How many cannabis plants are being grown
If you’re planning to grow only a handful of plants, ventilating the grow room can be quite a painless task.
The truth is, it can literally cost you nothing in the case the growing space can be regularly ventilated by opening a nearby window several times a day.
Combine this tried-and-tested, on-a-dime method with a simple oscillating fan and a dehumidifier to keep excess humidity at bay and you can establish a proper air circulation without any serious investments.
However, this method is not the most efficient option when it comes to fully eliminate marijuana odor. That’s where odor neutralizers can come very handy.
Nevertheless, not all marijuana growers have enough free time to open the windows every several hours so if you’re one of the busy bees working 8+ hours a day, you’d better go for a reliable ventilation system.
Smell of Marijuana and Carbon Filters
As a rule of thumb, if you want to eliminate excessive cannabis smell from your grow room fully, a carbon filter is what you need. Carbon filters can destroy approximately 90% of marijuana odor.
If limiting marijuana smell within about 50% works fine for you, then fans will work great, and you don’t really have to go for carbon filters.
Also, don’t forget that choosing the right strain is crucial. If odor control is of utmost importance to you, go for strains that are known to release less of a skunky smell than other cannabis varieties.
The Type of Grow Light Being Used
LED grow lights setups produce very little excess heat.
The same goes to low power 250W HID lighting systems, as well as CFL grow lights setups which are well-suited to small-scale indoor cannabis growing operations.
On the contrary, if you’re growing with HIDs or ceramic metal halides, poor ventilation can literally fry your marijuana plants.
Where Cannabis is Being Grown is a Factor
Modern-day grow tents come with ventilation systems that are already built-in.
Grow tent manufacturers know how to calculate the size of the filters and/or fans needed to suck away all the stagnant air based on the size of the tent. This means you don’t have to worry about setting the ventilation system on your own. Simply put together the tent kit and get down to growing.
On the other hand, those who are growing in a small cabinet, a wardrobe or any other grow space of similar size, can opt for the old but gold manual method of ventilating the air mentioned above (just open the windows several times a day).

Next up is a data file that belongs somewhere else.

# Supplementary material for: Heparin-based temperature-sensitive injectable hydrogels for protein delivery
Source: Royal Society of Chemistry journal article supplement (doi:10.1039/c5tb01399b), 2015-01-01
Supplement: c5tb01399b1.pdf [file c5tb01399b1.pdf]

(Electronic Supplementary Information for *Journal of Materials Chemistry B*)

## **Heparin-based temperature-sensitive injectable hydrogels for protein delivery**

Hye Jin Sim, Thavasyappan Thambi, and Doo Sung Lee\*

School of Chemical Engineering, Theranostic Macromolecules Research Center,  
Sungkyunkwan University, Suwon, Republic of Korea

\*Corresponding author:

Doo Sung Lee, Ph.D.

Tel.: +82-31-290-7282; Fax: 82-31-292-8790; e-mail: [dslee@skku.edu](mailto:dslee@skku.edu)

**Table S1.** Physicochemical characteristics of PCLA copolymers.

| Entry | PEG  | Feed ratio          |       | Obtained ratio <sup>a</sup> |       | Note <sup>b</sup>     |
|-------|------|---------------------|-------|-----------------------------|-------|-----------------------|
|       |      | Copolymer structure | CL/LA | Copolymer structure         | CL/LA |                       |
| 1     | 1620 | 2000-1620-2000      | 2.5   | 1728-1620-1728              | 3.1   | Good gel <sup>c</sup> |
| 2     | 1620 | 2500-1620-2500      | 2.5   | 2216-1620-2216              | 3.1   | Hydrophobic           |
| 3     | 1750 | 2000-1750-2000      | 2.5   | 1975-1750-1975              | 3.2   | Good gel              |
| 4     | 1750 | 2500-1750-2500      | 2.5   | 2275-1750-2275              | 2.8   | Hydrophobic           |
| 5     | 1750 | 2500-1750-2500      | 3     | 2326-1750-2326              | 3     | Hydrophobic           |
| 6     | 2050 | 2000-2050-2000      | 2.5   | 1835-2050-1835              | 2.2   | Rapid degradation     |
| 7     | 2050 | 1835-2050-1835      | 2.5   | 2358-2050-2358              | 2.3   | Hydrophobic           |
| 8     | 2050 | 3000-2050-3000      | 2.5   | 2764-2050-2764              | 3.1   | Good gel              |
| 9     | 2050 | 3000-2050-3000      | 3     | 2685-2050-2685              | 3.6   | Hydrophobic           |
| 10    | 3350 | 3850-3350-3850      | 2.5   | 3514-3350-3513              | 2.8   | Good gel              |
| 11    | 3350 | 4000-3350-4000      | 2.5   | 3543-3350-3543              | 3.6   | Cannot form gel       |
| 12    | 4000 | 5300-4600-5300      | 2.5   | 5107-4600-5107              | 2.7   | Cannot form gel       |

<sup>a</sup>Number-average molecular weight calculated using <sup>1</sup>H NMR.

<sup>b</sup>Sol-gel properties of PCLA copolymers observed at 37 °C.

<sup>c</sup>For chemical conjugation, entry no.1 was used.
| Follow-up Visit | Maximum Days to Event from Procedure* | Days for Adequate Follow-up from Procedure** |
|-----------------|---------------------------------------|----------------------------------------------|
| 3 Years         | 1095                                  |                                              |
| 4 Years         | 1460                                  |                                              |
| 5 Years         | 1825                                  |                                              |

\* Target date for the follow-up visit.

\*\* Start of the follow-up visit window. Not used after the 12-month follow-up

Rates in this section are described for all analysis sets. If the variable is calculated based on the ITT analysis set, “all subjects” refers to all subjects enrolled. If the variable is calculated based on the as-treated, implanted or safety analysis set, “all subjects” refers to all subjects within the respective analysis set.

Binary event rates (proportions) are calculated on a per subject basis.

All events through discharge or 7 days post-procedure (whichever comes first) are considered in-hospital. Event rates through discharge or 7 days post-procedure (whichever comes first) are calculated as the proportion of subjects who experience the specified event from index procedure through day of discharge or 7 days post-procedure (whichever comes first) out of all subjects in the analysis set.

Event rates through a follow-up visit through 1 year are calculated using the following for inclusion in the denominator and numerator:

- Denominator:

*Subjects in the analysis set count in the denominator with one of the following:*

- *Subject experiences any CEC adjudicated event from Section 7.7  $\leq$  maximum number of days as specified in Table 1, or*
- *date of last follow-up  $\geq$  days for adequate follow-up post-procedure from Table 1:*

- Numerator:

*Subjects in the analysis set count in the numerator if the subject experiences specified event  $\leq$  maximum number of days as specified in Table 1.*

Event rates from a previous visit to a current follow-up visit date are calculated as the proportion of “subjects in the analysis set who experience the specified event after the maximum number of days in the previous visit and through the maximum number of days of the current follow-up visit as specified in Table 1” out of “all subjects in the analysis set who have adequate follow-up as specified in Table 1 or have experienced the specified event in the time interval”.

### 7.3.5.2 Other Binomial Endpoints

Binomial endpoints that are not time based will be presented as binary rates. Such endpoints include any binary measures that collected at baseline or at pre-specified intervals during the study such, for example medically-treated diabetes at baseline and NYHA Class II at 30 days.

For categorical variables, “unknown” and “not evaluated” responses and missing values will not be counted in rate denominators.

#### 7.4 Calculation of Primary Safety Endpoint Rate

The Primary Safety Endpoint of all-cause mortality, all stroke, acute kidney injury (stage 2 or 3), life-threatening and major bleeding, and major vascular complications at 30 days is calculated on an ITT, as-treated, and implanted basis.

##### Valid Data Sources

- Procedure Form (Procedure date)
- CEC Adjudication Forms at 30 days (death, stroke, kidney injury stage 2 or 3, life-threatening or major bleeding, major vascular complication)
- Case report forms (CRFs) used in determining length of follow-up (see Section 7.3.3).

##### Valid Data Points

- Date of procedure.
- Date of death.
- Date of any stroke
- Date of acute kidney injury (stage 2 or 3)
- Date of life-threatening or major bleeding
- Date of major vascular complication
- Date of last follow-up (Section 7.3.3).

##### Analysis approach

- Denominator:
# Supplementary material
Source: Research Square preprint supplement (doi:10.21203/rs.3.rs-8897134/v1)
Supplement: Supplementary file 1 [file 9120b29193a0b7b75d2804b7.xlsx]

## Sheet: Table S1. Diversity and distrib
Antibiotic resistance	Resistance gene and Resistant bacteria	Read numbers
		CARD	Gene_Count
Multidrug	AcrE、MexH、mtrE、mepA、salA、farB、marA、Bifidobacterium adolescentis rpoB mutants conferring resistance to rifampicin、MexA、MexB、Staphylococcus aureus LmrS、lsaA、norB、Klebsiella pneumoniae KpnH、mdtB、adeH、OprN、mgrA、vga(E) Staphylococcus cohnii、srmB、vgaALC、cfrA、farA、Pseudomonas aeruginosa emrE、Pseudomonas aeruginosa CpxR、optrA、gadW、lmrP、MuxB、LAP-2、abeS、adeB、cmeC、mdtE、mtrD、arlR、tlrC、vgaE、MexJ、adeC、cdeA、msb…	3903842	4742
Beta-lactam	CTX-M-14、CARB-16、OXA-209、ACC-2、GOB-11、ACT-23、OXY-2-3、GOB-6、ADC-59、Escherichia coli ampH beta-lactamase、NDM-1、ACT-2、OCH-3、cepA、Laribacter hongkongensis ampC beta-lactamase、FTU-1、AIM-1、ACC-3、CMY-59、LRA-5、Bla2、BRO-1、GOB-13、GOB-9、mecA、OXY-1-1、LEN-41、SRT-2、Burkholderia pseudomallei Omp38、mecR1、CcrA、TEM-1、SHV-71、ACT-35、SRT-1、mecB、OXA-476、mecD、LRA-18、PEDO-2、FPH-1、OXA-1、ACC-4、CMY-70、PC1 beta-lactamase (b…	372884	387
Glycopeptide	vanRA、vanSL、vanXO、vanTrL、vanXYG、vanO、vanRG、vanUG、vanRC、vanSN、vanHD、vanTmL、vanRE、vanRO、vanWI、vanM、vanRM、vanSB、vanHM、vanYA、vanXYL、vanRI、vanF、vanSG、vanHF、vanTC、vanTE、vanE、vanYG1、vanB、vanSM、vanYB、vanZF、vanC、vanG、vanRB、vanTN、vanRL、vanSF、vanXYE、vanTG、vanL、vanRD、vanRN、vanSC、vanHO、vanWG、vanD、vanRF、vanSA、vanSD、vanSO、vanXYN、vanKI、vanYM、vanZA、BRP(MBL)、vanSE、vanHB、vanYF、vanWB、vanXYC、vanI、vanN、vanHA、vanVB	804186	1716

Similarly to modern-day grow tents, if you opt for an advanced grow cabinet, ventilation will be already set up for you.
What’s more, high-quality grow cabinets also come with built-in grow lights, and some even feature separate chambers for vegetation, cloning, and flowering.
Locking systems of top-grade grow cabinets allow you to keep your indoor marijuana garden strictly private while also immediately blocking any excess cannabis odor once locked.
Now, let’s get down to the practical side of understanding, choosing, and assembling the ventilation setup in your grow room.
Whether it comes to the good old standing fans or oscillating fans, you can’t go wrong with utilizing their power to help you ventilate the grow room. Fans ensure that air circulates well, and they are very useful when it comes to keeping odor and temperature on the low side.
Also, fans are easy to find, effortless to install, and are quite affordable. So far, so good.
But fans can’t possibly eliminate marijuana odor completely, and they are not the most reliable devices for controlling humidity levels in a bigger indoor grow space.
You can increase the odor control power of traditional fans by combining them with ducted intake and exhaust fans.
Grow Room Intake and Exhaust Fans
As a rule of thumb, during vegetation, air needs to move through the grow room every few minutes. During flowering, it needs to move every minute.
Here’s where a simple calculation taking into consideration the CFM rating of fans comes handy. You need to measure the cubic feet/meter of your grow space.
For this purpose, measure the width, the length, and the height of your grow room. Let’s say the length is 4, the height is 5 and the width is 6.
Now, multiply these numbers and you’ll get the average CFM that will be enough to ventilate the grow room. 4x5x6 = 120, so 120 is the average CFM of the fan we’re looking for based on the example above.
Exhaust fans and intake fans can be mounted by ducting. However, you may also need to use chains or cables, depending on the way you choose to position the extractor fan.
Also, you may need to use clamps and reducers but that’s in the case ducting is not the matching size of the grow room.
Finally, you’ll have to connect outside ducting to a fan or a window so that the hot, stagnant air can flow away from the grow room. Attaching a carbon filter to your extractor fan is the most reliable method for fully controlling odor emissions.